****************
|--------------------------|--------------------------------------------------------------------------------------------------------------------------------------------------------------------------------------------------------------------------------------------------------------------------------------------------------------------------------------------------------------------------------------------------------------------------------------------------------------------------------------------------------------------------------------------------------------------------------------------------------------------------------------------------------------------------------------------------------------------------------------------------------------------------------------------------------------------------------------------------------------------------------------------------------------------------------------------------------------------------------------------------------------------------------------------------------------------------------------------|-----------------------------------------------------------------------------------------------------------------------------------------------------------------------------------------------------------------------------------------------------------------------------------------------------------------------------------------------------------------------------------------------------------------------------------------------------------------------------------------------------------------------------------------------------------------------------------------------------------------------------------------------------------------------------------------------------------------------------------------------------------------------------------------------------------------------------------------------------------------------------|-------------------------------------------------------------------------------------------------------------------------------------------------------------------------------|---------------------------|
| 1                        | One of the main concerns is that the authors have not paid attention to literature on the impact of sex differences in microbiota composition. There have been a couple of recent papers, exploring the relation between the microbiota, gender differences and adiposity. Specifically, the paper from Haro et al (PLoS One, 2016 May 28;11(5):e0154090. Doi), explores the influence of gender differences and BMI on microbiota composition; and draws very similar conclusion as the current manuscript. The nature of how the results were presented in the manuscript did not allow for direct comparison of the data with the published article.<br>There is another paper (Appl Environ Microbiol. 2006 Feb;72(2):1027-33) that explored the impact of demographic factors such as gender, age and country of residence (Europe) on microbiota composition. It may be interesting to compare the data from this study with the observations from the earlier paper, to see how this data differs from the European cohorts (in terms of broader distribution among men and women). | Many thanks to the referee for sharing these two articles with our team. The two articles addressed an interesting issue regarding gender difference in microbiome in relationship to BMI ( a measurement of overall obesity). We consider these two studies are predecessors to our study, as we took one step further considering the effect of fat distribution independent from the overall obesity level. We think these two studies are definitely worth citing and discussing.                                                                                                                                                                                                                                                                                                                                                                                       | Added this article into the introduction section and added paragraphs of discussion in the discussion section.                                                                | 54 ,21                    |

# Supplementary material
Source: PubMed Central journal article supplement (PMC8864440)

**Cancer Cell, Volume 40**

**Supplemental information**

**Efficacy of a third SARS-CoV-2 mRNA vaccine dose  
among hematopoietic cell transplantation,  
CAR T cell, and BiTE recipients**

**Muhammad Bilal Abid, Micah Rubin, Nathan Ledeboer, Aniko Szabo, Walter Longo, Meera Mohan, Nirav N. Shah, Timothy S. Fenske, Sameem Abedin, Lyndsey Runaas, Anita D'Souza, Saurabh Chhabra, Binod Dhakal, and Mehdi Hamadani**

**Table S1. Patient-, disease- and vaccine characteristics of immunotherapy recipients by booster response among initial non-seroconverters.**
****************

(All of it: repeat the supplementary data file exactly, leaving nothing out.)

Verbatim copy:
|--------------------------|--------------------------------------------------------------------------------------------------------------------------------------------------------------------------------------------------------------------------------------------------------------------------------------------------------------------------------------------------------------------------------------------------------------------------------------------------------------------------------------------------------------------------------------------------------------------------------------------------------------------------------------------------------------------------------------------------------------------------------------------------------------------------------------------------------------------------------------------------------------------------------------------------------------------------------------------------------------------------------------------------------------------------------------------------------------------------------------------|-----------------------------------------------------------------------------------------------------------------------------------------------------------------------------------------------------------------------------------------------------------------------------------------------------------------------------------------------------------------------------------------------------------------------------------------------------------------------------------------------------------------------------------------------------------------------------------------------------------------------------------------------------------------------------------------------------------------------------------------------------------------------------------------------------------------------------------------------------------------------------|-------------------------------------------------------------------------------------------------------------------------------------------------------------------------------|---------------------------|
| 1                        | One of the main concerns is that the authors have not paid attention to literature on the impact of sex differences in microbiota composition. There have been a couple of recent papers, exploring the relation between the microbiota, gender differences and adiposity. Specifically, the paper from Haro et al (PLoS One, 2016 May 28;11(5):e0154090. Doi), explores the influence of gender differences and BMI on microbiota composition; and draws very similar conclusion as the current manuscript. The nature of how the results were presented in the manuscript did not allow for direct comparison of the data with the published article.<br>There is another paper (Appl Environ Microbiol. 2006 Feb;72(2):1027-33) that explored the impact of demographic factors such as gender, age and country of residence (Europe) on microbiota composition. It may be interesting to compare the data from this study with the observations from the earlier paper, to see how this data differs from the European cohorts (in terms of broader distribution among men and women). | Many thanks to the referee for sharing these two articles with our team. The two articles addressed an interesting issue regarding gender difference in microbiome in relationship to BMI ( a measurement of overall obesity). We consider these two studies are predecessors to our study, as we took one step further considering the effect of fat distribution independent from the overall obesity level. We think these two studies are definitely worth citing and discussing.                                                                                                                                                                                                                                                                                                                                                                                       | Added this article into the introduction section and added paragraphs of discussion in the discussion section.                                                                | 54 ,21                    |

# Supplementary material
Source: PubMed Central journal article supplement (PMC8864440)

**Cancer Cell, Volume 40**

**Supplemental information**

**Efficacy of a third SARS-CoV-2 mRNA vaccine dose  
among hematopoietic cell transplantation,  
CAR T cell, and BiTE recipients**

**Muhammad Bilal Abid, Micah Rubin, Nathan Ledeboer, Aniko Szabo, Walter Longo, Meera Mohan, Nirav N. Shah, Timothy S. Fenske, Sameem Abedin, Lyndsey Runaas, Anita D'Souza, Saurabh Chhabra, Binod Dhakal, and Mehdi Hamadani**

**Table S1. Patient-, disease- and vaccine characteristics of immunotherapy recipients by booster response among initial non-seroconverters.**